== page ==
As Professor Higgins, Jonathan Pryce provides a wonderful and versatile performance that has grown noticeably since last year. His interaction with Nicholas Le Prevost’s bumbling and tremendously entertaining Colonel Pickering is marvellous with both men delivering fantastic performances. Great performances and enjoyable numbers are also contributed by Dennis Waterman as Doolittle senior – the staging and choreography of “With a Little Bit of Luck” are particularly enjoyable – as well as Mark Umber’s sensitive portrayal of Freddy Eynsford-Hill. And what about the newcomer . . . Joanna Riding certainly produces a thoroughly competent Eliza, that sings and dances with the best of them, and as Pryce’s Eliza, Joanna Riding is most definitely credible, bringing an air of relaxation to the partnership that was so obviously absent last year. I suppose my only issue is really whether Riding has the innocence and youth to play Eliza genuinely opposite a younger Higgins, as she soon will – she seems perhaps 10 years too old for the part, and whilst Pryce’s seniority masks this, a younger Professor Higgins might draw unwanted attention to this fact.
Lerner and Loewe’s musical adaptation of the Pygmalion story of the East End flower girl who move West and wins the hearts of her adopted family has forever been associated with the 1950s Rex Harrison and Julie Andrews production. However, in years to come, I am sure this particular Theatre Royal production will be remembered with equal, if not more glorious, standing.
Review by Jonathan Richards
It took me three hours in the cold morning to cue for a day seat to get to see the new NT/Cameron Mackintosh production of Lerner and Lowe's musical classic My Fair Lady - a musical version of Shaw's Pygmalion. Particularly made famous by the film starring Audrey Hepburn and Rex Harrison, this production of My Fair Lady has been one of the most eagerly awaited shows in London - selling out before the first preview.
After receiving near rave reviews from the press the production has booked a transfer to the Theatre Royal, Drury Lane. But should there be a transfer?
Does this production deserve its rave reviews and expensive move? Well, yes I suppose.
Having fallen ill with a severe throat infection and acute blood clotting, Martine McCutcheon was not playing Eliza - rather the part was played by 18 year old Alexandra Jay. On the night I saw the show, Jonathan Pryce (Higgins) had obviously caught Martinitis, and he too was off - replaced by Michael N. Harbour. Aware of McCutcheon's absence, I was disappointed when I saw Jonathan Pryce off too - but I needn't have been.
Both understudies way surpassed the quality of most musical acting I have seen: Miss Jay being witty, rogueish, cheeky and silly, but nevertheless making a wonderful transformation into a "Lady". She brings exuberance, grace and beauty to Eliza yet not forgetting her deep underlying insecurities when she is transformed. She also has a wonderful singing voice and is extremely talented as a dancer. She also had a great rapport with Michael N. Harbour's Higgins. Harbour sing/acts the role with wit and style, however his treatment of Eliza never seemed quite cruel enough - the face that he liked Eliza came out quite clearly. He acted very convincingly and was most enjoyable to watch.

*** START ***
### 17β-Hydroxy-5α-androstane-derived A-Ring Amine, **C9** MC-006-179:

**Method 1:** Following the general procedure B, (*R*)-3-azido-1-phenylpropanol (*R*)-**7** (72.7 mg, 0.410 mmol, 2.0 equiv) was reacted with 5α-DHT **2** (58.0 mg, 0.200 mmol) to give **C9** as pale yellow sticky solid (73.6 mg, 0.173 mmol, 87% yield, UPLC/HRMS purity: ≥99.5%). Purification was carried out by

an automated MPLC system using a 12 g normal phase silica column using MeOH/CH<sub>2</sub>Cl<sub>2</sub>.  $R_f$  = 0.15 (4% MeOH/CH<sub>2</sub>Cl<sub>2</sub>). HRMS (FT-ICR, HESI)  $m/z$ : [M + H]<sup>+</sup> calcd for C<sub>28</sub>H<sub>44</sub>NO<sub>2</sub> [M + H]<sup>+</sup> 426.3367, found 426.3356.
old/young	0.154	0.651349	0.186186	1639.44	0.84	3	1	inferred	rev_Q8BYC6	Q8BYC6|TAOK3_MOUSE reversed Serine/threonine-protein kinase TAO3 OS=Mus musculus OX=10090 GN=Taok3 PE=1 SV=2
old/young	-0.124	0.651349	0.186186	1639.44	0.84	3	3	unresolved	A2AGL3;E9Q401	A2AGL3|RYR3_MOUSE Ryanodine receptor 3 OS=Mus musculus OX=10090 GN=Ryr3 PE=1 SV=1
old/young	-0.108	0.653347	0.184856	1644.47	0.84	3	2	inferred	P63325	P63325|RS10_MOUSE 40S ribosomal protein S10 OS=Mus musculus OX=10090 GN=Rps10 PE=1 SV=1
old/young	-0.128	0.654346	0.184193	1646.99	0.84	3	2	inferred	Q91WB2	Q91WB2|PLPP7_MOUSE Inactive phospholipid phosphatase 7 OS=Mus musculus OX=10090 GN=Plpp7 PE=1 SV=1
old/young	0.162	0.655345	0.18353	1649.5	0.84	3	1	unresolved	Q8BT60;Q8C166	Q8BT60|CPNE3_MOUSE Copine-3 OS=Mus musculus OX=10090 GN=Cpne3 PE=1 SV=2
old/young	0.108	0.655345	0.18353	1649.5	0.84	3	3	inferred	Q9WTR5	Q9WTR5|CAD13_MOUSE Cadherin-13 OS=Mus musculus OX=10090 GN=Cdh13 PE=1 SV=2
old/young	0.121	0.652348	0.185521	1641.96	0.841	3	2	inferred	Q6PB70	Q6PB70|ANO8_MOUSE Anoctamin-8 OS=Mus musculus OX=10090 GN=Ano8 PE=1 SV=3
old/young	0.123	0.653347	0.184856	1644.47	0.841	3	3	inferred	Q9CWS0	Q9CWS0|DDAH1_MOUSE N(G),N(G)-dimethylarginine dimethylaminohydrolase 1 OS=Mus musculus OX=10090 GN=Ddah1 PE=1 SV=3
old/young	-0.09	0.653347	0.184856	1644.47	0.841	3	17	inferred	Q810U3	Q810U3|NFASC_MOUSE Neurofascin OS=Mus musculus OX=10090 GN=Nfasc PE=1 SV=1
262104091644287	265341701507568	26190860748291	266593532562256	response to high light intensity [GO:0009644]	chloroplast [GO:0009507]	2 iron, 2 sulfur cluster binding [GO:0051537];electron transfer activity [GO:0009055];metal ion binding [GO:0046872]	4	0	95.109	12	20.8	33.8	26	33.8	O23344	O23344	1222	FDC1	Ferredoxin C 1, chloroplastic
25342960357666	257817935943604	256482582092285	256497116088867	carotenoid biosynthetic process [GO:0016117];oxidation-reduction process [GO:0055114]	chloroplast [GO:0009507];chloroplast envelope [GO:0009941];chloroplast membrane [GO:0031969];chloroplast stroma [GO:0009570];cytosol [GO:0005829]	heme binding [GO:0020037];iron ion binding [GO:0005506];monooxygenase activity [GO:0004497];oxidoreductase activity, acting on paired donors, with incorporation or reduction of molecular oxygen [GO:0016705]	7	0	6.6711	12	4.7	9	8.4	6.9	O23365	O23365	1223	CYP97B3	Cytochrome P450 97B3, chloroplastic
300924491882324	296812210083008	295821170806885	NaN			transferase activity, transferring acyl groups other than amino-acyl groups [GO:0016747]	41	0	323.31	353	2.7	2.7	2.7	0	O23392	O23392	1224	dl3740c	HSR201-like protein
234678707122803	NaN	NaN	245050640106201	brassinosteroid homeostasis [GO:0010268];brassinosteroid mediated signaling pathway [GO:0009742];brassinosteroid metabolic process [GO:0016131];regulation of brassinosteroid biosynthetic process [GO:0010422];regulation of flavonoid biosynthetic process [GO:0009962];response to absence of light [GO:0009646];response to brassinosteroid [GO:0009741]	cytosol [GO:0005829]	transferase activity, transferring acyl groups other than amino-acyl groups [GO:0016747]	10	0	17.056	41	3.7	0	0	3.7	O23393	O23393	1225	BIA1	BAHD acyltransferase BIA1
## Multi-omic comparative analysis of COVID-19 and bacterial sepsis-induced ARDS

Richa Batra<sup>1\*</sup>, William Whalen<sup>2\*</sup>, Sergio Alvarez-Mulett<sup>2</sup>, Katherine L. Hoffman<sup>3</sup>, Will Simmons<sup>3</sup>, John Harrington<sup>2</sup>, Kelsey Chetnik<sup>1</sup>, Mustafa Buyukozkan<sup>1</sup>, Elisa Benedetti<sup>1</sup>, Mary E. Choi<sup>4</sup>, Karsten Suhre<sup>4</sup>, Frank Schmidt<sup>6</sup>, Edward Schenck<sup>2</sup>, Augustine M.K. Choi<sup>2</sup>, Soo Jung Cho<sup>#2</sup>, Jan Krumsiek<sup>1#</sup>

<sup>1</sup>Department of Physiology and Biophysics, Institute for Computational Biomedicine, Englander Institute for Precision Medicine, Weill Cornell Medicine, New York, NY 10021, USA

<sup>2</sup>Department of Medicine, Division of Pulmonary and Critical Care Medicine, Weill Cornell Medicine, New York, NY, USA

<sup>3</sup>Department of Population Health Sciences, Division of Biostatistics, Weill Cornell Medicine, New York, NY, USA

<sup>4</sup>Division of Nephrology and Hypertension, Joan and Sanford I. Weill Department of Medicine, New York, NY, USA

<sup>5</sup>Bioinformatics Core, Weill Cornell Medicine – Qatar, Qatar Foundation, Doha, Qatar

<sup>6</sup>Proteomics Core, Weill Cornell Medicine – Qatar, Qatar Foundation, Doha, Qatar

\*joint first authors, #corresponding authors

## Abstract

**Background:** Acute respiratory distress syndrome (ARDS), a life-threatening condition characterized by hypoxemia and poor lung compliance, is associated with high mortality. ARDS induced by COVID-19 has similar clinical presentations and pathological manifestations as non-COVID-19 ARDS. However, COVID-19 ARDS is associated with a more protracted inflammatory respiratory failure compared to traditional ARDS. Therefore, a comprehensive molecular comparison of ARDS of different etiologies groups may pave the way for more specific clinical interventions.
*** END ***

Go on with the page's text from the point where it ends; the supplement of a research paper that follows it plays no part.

The rest of the cast are equally good, particularly Nicholas LePrevost as a slightly scatty, amusing old Colonel Pickering, Dennis Waterman as Dolittle, Patsy Rowlands as the authoritative yet caring and kind Mrs Pearce, and a wonderful performance from Caroline Blakiston as Mrs Higgins.
Musically, the piece is well sung, however the concealed orchestra behind the stage sounds a little tinny broadcast entirely over the speakers. The show looks good too: wonderful, evocative and atmospheric lighting by David Hersey, imaginative choreography from Matthew Bourne and effective if unimaginative set designs from Anthony Ward - the way scenes slide and flow into each other worked very well, and Higgins' study is a scenic design triumph!
The show is long at 3 hours and 15 minutes, but the first half seems to fly by for the sheer entertainment factor and the second half is very theatrically fulfilling - much of the emotion is brought out here. Trevor Nunn directs with thought and precision - though I found some of the staging silly (unnecessary moving around) or unimaginative (standing in straight lines) and his cast bring out the best in this show.
It didn't leave me dancing all night, nor did I leave humming more than one tune, but I certainly left with a big smile on my face!
This production has received great notices from the popular press... NICHOLAS DE JONGH for THE EVENING STANDARD describes Martine McCutcheon's performance as 'marvellous" and describes the show as "fairly magical". SHERIDAN MORLEY for TELETEXT says the show is "sharp and sturdy".He goes on to say, "Matthew Bourne's choreography is brilliant.." MICHAEL COVENEY for THE DAILY MAIL, describes McCutcheon's performance as "bubbly, bright and immensely endearing". He goes on to say, "In Jonathan Pryce's Higgins we have a major performance by a major actor." He finishes with describing the show as "Wonderfully theatrical." CHARLES SPENCER for THE DAILY TELEGRAPH says, "Pryce combines commanding authority with charm and delivers the songs with far more panache than Rex Harrison." He goes on to say, "The night belongs to McCutcheon." BENEDICT NIGHTINGALE for THE TIMES says, "A success to rival the National's Oklahoma!." MICHAEL BILLINGTON for THE GUARDIAN says, "The first half of the evening is shamelessly enjoyable. But after the interval, doubts crowd in about the show and the production." ROBERT GORE-LANGTON for THE DAILY EXPRESS says, "It's effortlessly enjoyable." RHODA KOENIG for THE INDEPENDENT says, "Trevor Nunn's show crackles like a house on fire."